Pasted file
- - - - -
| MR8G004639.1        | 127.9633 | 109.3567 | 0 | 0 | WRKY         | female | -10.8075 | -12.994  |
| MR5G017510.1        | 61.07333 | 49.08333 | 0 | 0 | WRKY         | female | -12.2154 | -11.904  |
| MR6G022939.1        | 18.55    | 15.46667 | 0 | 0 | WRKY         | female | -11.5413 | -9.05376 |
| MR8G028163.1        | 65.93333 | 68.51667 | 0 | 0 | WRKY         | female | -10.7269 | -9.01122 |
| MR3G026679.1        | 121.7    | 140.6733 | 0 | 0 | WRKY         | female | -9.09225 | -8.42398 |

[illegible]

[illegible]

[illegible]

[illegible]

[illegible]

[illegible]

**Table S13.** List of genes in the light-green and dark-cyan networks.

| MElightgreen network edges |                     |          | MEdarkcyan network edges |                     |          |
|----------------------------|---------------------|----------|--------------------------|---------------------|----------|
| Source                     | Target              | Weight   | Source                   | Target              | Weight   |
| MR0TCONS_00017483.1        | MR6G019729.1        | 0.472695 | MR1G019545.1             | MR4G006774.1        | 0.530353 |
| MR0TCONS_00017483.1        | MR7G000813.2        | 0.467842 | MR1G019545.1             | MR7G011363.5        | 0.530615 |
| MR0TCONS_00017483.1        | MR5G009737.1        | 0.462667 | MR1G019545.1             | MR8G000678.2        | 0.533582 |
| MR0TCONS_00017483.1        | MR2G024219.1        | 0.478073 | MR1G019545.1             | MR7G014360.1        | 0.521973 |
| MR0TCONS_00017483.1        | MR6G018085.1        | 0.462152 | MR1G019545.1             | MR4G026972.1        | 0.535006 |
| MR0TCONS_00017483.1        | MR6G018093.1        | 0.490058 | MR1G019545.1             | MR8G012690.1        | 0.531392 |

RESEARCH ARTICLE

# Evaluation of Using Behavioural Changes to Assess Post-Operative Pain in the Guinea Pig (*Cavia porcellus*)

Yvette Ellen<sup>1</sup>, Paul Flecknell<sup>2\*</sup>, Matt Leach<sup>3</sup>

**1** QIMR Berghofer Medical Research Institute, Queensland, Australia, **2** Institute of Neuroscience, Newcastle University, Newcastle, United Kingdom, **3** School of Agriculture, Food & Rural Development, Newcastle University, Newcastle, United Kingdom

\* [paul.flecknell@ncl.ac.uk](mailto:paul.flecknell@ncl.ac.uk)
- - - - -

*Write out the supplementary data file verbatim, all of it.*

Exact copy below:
| MR8G004639.1        | 127.9633 | 109.3567 | 0 | 0 | WRKY         | female | -10.8075 | -12.994  |
| MR5G017510.1        | 61.07333 | 49.08333 | 0 | 0 | WRKY         | female | -12.2154 | -11.904  |
| MR6G022939.1        | 18.55    | 15.46667 | 0 | 0 | WRKY         | female | -11.5413 | -9.05376 |
| MR8G028163.1        | 65.93333 | 68.51667 | 0 | 0 | WRKY         | female | -10.7269 | -9.01122 |
| MR3G026679.1        | 121.7    | 140.6733 | 0 | 0 | WRKY         | female | -9.09225 | -8.42398 |

[illegible]

[illegible]

[illegible]

[illegible]

[illegible]

[illegible]

**Table S13.** List of genes in the light-green and dark-cyan networks.

| MElightgreen network edges |                     |          | MEdarkcyan network edges |                     |          |
|----------------------------|---------------------|----------|--------------------------|---------------------|----------|
| Source                     | Target              | Weight   | Source                   | Target              | Weight   |
| MR0TCONS_00017483.1        | MR6G019729.1        | 0.472695 | MR1G019545.1             | MR4G006774.1        | 0.530353 |
| MR0TCONS_00017483.1        | MR7G000813.2        | 0.467842 | MR1G019545.1             | MR7G011363.5        | 0.530615 |
| MR0TCONS_00017483.1        | MR5G009737.1        | 0.462667 | MR1G019545.1             | MR8G000678.2        | 0.533582 |
| MR0TCONS_00017483.1        | MR2G024219.1        | 0.478073 | MR1G019545.1             | MR7G014360.1        | 0.521973 |
| MR0TCONS_00017483.1        | MR6G018085.1        | 0.462152 | MR1G019545.1             | MR4G026972.1        | 0.535006 |
| MR0TCONS_00017483.1        | MR6G018093.1        | 0.490058 | MR1G019545.1             | MR8G012690.1        | 0.531392 |

RESEARCH ARTICLE

# Evaluation of Using Behavioural Changes to Assess Post-Operative Pain in the Guinea Pig (*Cavia porcellus*)

Yvette Ellen<sup>1</sup>, Paul Flecknell<sup>2\*</sup>, Matt Leach<sup>3</sup>

**1** QIMR Berghofer Medical Research Institute, Queensland, Australia, **2** Institute of Neuroscience, Newcastle University, Newcastle, United Kingdom, **3** School of Agriculture, Food & Rural Development, Newcastle University, Newcastle, United Kingdom

\* [paul.flecknell@ncl.ac.uk](mailto:paul.flecknell@ncl.ac.uk)